Before beginning the 7 Phases of Incident Response, it is essential to recognize that each organization has distinct requirements. It is acceptable to modify these phases as necessary because what works for one organization may not work for another. It is probably safe to follow your IT staff’s suggestions to combine multiple steps.
Phases 3 and 4, for instance, or phases 5 and 6 could easily be combined. Furthermore, for routine or minor incidents, phase 7 may not be necessary.
7 Phases Of Incident Response
Phase One: Preparation and Planning
The preparation and planning phase—the first of the seven phases of incident response—should begin before an emergency occurs. Utilize this opportunity to dole out jobs, focus on assignments and agent responsibilities regarding all interested parties. Laying out an unmistakable levels of leadership all along, complete with subordinate and strong staff, is the way to executing a reliable, convenient, and compelling plan.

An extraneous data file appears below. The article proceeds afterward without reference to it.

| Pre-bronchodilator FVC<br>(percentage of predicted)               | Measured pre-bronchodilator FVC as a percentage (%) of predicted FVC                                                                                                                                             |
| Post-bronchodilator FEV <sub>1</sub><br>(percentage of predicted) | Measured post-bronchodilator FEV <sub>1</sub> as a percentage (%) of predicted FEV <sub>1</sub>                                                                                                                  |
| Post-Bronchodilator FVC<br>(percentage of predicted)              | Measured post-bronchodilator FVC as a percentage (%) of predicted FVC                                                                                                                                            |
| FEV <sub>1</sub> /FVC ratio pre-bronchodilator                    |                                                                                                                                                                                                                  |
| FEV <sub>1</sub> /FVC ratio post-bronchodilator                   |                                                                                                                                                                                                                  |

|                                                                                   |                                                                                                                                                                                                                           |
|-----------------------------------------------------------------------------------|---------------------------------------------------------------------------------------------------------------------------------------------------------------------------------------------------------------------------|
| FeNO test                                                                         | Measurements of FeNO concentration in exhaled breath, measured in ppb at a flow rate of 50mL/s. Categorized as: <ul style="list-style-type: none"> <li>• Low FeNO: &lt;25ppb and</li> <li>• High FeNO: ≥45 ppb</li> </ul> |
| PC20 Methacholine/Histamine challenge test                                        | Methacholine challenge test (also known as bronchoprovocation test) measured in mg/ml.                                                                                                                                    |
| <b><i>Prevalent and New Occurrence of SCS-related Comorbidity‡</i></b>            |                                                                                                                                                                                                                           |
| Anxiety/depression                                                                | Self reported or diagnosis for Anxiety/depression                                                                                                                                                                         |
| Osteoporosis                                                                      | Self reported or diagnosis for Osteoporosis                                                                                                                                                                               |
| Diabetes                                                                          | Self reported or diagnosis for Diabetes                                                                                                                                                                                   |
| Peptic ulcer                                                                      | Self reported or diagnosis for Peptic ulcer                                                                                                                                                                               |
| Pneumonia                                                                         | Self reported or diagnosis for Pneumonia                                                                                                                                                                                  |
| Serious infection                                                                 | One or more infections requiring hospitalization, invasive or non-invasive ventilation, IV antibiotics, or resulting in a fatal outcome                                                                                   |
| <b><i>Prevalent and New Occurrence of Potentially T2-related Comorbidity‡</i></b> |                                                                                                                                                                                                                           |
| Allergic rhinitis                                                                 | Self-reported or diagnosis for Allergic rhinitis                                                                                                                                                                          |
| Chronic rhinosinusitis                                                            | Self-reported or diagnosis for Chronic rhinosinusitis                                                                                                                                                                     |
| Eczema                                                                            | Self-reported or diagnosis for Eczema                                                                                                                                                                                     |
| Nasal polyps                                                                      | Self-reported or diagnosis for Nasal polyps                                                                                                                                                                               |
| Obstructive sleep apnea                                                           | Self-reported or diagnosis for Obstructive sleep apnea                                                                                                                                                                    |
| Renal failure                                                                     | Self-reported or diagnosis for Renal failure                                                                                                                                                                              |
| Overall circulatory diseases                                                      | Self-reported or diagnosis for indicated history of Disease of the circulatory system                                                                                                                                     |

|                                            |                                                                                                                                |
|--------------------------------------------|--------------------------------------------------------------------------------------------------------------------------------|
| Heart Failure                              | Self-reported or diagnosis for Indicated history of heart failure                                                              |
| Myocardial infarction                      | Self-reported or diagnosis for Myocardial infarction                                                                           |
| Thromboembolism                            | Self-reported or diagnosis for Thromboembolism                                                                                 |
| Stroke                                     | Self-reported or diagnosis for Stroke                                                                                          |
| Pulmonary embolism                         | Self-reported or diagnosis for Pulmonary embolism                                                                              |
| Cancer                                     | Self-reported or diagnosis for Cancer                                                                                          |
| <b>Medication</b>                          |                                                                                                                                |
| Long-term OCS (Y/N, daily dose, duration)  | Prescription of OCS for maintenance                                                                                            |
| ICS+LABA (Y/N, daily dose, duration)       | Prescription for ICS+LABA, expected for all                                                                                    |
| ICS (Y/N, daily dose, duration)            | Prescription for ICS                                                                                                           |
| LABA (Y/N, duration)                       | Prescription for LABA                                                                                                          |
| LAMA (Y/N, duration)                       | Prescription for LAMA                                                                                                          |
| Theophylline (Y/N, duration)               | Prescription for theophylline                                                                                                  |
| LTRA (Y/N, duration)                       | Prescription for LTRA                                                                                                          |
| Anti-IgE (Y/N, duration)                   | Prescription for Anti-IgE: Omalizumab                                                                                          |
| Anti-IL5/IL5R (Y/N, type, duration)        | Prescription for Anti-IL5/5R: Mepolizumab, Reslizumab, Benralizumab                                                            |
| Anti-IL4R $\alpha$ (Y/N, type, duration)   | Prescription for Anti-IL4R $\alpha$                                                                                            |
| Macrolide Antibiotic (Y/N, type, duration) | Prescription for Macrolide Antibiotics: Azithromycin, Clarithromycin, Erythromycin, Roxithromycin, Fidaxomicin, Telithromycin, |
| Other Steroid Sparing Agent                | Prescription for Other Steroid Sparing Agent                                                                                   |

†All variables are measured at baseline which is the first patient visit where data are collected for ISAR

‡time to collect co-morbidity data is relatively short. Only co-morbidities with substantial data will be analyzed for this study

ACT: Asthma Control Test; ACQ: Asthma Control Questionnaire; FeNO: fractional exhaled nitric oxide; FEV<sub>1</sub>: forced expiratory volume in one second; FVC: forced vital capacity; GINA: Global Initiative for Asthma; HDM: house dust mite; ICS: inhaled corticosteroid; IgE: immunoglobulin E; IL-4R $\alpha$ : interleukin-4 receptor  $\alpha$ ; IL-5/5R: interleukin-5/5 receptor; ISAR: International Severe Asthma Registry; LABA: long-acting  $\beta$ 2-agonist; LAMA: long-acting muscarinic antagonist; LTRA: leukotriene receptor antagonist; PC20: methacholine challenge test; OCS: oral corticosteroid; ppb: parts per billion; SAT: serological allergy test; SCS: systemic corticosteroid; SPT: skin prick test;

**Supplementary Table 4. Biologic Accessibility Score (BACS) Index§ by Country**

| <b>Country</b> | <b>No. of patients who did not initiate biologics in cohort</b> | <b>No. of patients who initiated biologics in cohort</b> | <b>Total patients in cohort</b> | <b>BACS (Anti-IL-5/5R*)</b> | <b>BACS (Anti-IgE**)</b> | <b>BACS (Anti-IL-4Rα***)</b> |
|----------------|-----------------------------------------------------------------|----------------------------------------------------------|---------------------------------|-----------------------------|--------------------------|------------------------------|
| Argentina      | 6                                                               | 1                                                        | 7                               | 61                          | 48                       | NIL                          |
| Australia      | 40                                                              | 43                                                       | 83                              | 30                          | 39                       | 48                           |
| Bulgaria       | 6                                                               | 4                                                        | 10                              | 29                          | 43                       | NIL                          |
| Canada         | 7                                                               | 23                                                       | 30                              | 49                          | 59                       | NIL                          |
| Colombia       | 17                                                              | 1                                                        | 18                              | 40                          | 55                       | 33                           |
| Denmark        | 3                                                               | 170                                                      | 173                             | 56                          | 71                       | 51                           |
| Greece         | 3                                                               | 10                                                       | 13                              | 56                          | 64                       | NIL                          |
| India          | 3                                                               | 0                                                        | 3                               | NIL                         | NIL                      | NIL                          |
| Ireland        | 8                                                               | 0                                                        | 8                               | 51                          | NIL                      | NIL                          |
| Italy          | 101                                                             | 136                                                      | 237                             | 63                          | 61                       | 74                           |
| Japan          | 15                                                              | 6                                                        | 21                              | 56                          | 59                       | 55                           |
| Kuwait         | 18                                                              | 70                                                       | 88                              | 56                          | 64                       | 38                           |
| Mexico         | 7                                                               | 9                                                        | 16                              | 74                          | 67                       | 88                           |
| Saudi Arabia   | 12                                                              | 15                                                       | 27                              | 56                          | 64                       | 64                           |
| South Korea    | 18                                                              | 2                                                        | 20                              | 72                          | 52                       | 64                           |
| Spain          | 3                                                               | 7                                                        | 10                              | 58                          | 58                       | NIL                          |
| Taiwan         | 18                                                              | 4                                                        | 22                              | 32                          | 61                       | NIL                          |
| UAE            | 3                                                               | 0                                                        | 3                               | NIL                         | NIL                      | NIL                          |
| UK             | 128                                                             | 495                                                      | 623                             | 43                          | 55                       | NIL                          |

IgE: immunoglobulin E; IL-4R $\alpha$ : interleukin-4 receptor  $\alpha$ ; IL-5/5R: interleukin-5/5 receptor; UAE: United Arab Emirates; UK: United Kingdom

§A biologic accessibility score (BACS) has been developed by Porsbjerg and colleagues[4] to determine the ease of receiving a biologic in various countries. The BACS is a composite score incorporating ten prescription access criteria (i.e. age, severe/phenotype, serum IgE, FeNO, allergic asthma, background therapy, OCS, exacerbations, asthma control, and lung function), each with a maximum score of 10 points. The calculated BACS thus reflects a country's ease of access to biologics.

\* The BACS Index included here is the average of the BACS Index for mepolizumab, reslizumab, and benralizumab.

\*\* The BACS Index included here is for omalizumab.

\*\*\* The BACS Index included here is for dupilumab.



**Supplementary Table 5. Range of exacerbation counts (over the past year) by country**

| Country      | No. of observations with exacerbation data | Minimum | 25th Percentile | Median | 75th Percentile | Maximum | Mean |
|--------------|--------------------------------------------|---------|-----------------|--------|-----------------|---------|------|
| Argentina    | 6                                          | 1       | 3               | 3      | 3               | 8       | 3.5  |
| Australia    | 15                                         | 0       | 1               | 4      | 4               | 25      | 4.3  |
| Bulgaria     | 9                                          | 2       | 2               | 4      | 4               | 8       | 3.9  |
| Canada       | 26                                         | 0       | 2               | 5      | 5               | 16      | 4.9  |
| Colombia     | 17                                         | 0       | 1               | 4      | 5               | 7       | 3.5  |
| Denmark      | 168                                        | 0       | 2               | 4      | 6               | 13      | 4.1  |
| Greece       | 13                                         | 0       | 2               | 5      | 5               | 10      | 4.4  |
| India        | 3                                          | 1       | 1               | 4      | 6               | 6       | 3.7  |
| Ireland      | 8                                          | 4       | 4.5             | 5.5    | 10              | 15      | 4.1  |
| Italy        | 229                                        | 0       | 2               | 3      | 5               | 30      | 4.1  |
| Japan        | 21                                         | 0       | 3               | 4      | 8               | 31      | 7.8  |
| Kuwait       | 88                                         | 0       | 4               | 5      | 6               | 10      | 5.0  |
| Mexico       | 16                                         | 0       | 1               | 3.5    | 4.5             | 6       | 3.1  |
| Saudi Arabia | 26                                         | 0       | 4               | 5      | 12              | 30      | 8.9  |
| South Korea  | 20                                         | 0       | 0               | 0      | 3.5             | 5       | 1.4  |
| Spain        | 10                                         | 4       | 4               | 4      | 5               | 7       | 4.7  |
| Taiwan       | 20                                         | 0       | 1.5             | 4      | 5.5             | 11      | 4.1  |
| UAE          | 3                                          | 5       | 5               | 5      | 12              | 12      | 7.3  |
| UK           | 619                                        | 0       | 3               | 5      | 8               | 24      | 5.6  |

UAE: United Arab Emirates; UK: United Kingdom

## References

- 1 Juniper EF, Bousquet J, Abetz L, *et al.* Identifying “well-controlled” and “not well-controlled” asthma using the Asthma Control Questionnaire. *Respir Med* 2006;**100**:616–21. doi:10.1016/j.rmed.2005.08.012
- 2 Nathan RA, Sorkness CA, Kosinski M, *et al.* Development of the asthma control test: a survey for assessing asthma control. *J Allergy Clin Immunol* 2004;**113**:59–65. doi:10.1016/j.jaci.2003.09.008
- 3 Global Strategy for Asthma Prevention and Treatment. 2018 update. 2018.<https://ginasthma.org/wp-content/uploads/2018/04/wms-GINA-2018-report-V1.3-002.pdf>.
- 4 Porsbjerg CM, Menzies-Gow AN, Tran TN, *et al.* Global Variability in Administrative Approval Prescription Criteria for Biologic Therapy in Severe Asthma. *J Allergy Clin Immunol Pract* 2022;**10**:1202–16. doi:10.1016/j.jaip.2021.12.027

This phase never really ends. It is absolutely necessary for your team to always be prepared for new viruses, up-to-date ransomware, and next-generation network attacks because new threats and vulnerabilities appear almost daily. Therefore, you should review and update your preparation efforts on a regular basis.
Phase Two: Threat Recognition and Detection
A lot of businesses have trouble recognizing and detecting threats. However, security threats occur regardless of whether your team discovers them. One of the phases of incident response that cannot be skipped is this one because it is a requirement for containing, analyzing, and eliminating the threat.
Create a classification system for any identified threats for the best results. This makes it easier to isolate the affected systems and minimize damage while also allowing you to prioritize them according to urgency.
By most standards, low-level threats like network scans, probes, or unsuccessful entry attempts are accepted as normal.
Most businesses, on the other hand, use software-based tools like antivirus, anti-malware, and network firewalls to stop most of these basic attacks.
A mid-level threat is considered to be improper network use which includes the implementation of malicious code. Keep in mind that these incidents can occur from within, either intentionally or unintentionally.